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Healthcare Providers Expected to Provide Leadership During a Crisis

by | Oct 15, 2020

When it comes to a big crisis, whether it is local, regional, national or even global, we look not only to our leaders for solutions, but also often to healthcare providers. Natural disasters or man-made situations, we often turn to healthcare providers for answers or guidance.

When the crisis itself is health-related, such as the global pandemic, of course the medical community is front and center. Healthcare providers naturally have a critical role during the pandemic. The public relies on their local doctors and hospitals to provide clarity. Healthcare systems and providers simply cannot shy away from this responsibility.

As a healthcare provider, what can you do to provide leadership during a crisis?

The Difference Between Leading and Managing During a Crisis

For any type of critical situation, there is a difference between leading and managing. As a healthcare professional, you need to master both.

In a broad sense, the main difference is said to be that leaders influence decisions and focus on why something is happening or what can be done about it. Managers, on the other hand, direct action. Their focus is on how to solve the crisis or at least move forward.

During this particular crisis, healthcare providers of all levels, are being called upon to both lead and manage. Eric J. McNulty and Leonard Marcus of the National Preparedness Leadership Initiative at Harvard define the differences, both of which are necessary.

“Addressing the urgent needs of the present is the work of management. You need to make immediate choices and allocate resources. The pace is fast, and actions are decisive. Leading, by contrast, involves guiding people to the best possible eventual outcome. Your focus needs to be on what is likely to come next and readying to meeting it. That means seeing beyond the immediate to anticipate the next three, four, or five obstacles.”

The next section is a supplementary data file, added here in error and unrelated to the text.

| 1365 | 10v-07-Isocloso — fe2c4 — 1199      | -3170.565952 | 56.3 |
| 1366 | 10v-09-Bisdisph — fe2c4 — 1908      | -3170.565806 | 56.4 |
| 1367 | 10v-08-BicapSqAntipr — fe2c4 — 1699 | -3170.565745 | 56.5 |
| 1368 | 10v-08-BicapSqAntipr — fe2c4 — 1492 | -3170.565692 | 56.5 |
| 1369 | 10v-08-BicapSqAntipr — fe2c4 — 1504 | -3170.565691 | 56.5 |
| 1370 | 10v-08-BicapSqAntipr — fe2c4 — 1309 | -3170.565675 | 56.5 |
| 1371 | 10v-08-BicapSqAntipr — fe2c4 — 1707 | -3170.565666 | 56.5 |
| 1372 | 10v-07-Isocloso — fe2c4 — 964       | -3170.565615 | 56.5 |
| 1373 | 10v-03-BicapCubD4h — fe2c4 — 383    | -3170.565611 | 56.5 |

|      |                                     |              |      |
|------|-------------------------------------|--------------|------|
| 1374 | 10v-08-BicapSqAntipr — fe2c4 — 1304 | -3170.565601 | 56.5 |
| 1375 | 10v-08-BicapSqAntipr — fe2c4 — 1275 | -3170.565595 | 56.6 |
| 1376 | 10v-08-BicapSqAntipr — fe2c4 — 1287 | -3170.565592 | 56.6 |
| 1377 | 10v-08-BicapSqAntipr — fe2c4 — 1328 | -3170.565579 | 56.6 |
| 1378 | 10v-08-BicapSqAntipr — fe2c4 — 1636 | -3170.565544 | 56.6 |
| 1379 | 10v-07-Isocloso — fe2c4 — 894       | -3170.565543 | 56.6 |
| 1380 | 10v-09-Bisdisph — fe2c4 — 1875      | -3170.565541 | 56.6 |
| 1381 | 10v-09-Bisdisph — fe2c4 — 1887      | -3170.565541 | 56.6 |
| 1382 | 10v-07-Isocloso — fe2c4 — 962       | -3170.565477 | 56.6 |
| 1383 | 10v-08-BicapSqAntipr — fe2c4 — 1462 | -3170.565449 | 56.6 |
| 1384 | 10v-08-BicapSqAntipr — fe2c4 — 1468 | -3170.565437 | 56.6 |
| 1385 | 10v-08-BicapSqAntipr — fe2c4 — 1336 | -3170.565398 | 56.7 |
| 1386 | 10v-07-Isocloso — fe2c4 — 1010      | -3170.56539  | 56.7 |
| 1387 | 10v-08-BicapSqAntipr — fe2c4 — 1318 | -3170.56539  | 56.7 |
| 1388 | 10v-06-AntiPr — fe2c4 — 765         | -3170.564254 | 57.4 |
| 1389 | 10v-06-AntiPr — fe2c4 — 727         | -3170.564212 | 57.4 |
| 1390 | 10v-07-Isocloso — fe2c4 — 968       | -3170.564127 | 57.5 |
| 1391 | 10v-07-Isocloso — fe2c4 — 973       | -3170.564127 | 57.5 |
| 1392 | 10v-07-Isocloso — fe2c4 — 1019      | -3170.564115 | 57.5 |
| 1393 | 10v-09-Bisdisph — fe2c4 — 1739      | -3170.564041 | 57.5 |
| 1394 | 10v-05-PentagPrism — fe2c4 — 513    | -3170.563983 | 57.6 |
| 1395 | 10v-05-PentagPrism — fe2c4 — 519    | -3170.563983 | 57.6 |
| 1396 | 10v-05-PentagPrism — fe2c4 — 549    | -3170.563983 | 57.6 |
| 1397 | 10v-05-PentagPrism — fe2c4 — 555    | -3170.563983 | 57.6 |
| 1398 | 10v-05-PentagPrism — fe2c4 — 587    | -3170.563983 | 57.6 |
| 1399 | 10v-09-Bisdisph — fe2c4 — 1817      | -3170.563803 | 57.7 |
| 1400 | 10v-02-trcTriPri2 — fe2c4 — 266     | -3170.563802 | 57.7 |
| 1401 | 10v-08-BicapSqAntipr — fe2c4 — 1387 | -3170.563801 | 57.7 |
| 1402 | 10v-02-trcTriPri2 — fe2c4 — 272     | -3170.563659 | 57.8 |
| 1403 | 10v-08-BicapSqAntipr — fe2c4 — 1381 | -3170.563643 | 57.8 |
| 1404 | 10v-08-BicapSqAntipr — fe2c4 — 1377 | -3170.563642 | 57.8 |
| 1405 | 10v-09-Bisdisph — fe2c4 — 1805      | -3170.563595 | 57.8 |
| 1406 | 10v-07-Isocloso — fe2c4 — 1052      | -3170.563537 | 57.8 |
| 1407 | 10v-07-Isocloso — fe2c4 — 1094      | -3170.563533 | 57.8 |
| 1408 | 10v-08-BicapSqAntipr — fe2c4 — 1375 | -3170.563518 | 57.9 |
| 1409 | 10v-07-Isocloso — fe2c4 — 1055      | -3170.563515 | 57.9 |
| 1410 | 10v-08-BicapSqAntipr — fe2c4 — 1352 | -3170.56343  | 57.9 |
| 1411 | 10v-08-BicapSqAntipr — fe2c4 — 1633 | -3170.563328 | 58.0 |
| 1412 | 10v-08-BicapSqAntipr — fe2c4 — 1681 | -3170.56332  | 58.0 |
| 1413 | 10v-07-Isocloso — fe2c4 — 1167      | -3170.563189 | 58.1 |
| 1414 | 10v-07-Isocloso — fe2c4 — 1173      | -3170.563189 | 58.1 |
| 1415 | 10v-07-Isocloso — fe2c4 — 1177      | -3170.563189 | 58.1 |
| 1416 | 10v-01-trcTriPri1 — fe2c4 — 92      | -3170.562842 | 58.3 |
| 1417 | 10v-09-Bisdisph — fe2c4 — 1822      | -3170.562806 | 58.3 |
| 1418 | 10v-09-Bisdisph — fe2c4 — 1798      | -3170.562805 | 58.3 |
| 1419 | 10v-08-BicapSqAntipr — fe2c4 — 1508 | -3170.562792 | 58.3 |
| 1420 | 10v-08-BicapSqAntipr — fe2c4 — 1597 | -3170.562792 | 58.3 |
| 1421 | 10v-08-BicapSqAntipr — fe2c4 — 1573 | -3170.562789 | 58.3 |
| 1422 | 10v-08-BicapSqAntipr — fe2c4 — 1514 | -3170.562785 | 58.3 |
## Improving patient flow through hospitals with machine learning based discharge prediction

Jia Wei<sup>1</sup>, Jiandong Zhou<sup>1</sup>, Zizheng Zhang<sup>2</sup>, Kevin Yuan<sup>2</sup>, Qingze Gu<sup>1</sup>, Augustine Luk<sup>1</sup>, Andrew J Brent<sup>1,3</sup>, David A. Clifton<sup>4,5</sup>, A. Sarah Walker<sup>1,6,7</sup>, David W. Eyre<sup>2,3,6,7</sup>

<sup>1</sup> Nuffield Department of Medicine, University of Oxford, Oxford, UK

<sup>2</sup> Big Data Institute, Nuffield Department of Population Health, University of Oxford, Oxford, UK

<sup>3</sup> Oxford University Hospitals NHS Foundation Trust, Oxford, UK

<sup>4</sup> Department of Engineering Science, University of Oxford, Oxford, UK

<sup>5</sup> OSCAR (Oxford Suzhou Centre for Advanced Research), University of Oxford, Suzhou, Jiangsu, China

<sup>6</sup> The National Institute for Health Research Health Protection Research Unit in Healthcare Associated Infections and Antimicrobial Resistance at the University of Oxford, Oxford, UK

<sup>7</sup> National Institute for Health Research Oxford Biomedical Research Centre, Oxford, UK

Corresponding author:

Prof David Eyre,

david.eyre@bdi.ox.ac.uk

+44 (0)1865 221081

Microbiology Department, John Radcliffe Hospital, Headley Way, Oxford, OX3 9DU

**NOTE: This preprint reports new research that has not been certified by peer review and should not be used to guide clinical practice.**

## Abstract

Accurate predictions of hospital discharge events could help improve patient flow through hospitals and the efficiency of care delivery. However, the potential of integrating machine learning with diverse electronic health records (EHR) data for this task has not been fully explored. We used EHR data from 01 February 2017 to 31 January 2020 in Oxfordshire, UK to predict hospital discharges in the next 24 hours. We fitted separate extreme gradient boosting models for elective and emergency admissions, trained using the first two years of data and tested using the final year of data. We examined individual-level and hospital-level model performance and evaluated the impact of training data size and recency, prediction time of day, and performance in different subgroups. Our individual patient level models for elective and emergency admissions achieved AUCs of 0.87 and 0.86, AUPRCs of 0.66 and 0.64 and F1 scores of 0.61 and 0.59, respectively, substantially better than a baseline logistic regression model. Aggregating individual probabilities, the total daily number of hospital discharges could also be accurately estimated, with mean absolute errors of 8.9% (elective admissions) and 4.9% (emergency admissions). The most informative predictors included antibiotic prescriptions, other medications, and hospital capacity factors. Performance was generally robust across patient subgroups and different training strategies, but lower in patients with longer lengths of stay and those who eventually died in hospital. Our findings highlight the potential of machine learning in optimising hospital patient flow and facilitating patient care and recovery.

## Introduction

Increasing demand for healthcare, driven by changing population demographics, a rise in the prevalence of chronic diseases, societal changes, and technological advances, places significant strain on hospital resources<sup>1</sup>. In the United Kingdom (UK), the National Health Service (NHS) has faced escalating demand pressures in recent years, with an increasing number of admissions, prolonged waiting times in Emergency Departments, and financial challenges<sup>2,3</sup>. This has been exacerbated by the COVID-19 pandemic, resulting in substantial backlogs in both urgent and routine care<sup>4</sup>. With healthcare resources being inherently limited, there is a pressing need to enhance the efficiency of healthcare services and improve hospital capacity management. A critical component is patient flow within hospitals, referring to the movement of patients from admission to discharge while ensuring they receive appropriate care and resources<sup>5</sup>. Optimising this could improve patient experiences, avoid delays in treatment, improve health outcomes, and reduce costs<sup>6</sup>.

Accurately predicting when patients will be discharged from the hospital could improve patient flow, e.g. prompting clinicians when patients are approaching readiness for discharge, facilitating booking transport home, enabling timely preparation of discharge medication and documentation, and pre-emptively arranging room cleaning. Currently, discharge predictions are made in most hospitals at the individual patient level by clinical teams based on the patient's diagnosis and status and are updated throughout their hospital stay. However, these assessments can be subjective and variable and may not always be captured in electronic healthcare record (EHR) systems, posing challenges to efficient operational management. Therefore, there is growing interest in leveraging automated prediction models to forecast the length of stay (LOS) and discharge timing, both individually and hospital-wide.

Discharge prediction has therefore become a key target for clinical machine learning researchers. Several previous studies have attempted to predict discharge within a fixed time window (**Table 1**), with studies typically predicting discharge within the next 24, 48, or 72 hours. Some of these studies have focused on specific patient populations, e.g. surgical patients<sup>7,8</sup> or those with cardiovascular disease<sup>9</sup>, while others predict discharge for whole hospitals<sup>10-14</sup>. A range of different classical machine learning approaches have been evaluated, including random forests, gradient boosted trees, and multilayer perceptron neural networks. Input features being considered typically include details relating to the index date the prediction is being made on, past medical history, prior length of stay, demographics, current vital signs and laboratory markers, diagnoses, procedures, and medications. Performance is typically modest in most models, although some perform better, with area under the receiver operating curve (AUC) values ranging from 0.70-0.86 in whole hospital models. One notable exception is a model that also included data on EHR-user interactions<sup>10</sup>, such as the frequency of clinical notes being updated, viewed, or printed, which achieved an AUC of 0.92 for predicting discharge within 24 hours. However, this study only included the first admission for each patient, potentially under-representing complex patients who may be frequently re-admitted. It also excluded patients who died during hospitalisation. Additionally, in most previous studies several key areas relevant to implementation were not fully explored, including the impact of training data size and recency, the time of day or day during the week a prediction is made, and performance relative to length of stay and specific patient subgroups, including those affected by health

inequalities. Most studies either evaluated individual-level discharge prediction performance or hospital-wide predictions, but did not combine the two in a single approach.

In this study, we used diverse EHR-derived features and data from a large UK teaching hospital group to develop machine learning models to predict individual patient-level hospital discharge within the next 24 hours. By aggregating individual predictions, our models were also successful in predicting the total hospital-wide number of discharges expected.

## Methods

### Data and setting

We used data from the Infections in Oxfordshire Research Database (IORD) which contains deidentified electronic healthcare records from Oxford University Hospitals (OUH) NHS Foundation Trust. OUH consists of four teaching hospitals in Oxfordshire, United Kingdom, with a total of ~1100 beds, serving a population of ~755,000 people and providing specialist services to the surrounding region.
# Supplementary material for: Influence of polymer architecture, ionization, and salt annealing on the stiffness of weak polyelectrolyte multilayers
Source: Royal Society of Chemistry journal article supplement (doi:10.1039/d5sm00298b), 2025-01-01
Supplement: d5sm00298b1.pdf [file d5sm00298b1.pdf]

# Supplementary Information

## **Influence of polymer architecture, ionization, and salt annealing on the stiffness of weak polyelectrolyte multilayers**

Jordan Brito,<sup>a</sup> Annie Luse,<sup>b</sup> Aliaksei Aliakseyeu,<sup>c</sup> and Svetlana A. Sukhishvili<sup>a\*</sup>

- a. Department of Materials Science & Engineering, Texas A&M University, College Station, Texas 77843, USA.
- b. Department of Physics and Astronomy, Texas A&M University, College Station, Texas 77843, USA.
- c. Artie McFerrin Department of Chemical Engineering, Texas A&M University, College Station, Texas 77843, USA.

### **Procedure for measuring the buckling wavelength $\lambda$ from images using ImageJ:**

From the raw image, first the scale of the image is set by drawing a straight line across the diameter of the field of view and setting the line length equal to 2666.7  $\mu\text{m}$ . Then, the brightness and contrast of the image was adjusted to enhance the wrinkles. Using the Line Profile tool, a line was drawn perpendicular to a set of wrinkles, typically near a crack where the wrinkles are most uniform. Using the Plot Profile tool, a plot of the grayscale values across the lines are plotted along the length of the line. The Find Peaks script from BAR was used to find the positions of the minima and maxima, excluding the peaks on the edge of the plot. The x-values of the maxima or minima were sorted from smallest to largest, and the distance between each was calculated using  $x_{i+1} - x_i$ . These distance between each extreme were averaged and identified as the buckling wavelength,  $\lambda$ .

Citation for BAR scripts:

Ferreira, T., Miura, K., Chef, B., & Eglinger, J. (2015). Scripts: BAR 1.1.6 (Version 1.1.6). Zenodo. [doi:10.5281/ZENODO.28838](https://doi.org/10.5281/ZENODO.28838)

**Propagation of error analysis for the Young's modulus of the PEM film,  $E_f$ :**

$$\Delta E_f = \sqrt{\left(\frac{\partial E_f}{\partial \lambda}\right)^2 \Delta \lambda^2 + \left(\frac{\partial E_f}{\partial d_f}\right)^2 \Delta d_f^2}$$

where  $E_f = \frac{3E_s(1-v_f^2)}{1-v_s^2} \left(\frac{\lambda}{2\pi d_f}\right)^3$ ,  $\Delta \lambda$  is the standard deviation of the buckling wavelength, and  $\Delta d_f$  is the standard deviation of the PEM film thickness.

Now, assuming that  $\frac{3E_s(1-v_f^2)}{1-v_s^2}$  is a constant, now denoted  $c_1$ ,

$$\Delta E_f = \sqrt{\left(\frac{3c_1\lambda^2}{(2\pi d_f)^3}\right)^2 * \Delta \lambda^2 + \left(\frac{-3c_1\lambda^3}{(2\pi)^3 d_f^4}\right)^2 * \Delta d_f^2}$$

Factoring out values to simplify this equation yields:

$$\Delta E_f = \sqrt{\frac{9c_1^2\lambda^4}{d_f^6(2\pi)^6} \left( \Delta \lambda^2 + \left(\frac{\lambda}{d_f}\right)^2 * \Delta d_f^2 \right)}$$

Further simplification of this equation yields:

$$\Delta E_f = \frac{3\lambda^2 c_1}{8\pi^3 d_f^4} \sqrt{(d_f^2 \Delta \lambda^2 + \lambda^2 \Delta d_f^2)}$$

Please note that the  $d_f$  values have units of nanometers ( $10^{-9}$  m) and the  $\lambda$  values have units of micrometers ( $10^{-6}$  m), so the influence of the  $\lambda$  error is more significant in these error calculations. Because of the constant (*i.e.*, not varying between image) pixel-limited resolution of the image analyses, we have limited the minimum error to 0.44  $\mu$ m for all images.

The two go on to spell out leadership traps to avoid. The main idea is that while both leadership and management have different priorities, both are necessary to get through a crisis.

Because of the extreme healthcare focus of the COVID crisis, the general public is going to look to providers and healthcare organizations to both lead and manage. It’s key to be up to the task.

Communication is Key

When it comes to effective healthcare leadership during a crisis, the importance of communication cannot be overstated. However, crisis communications is vastly different than everyday communication. During serious events, people take in and process information differently, especially is they are frightened or anxious.

To provide leadership during a crisis, it is imperative to build and maintain public trust. This is done by being as open and honest as possible. It’s also important to show empathy and caring. Acknowledge the uneasiness people may be experiencing. Just as important as empathy is expertise. Leaders need to provide assurance that they are competent to deal with the crisis. Because people generally view doctors and other healthcare providers as experts, it is easier to establish.

Communication doesn’t only involve the general public. As someone providing leadership during a crisis, information needs to be shared with other healthcare institutions and providers. This is not the time to be concerned with “the competition.” Patient safety should always be the number one priority.

Let Us Help

Throughout this crisis, people will continue to turn to healthcare providers for leadership, which depends on effective communication. If you or your organization need help with any communication, including crisis communication, Nichols Healthcare can help. Effective communication is our specialty.

Matt Klein - VP Account Services
Matt Klein believes that the business of healthcare is personal — because healthcare is personal. It’s a subject he’s very passionate about. Throughout his career, he’s worked with a wide variety of clients across the spectrum of healthcare, including large national companies such as Advocate Health Care and Pfizer, regional powerhouses including St. Vincent’s Health System and IU Health, and smaller, specialized facilities such as Advocate Eureka, Orthopedic Sports Enhancement Center, and Fort Wayne Medical Oncology and Hematology.

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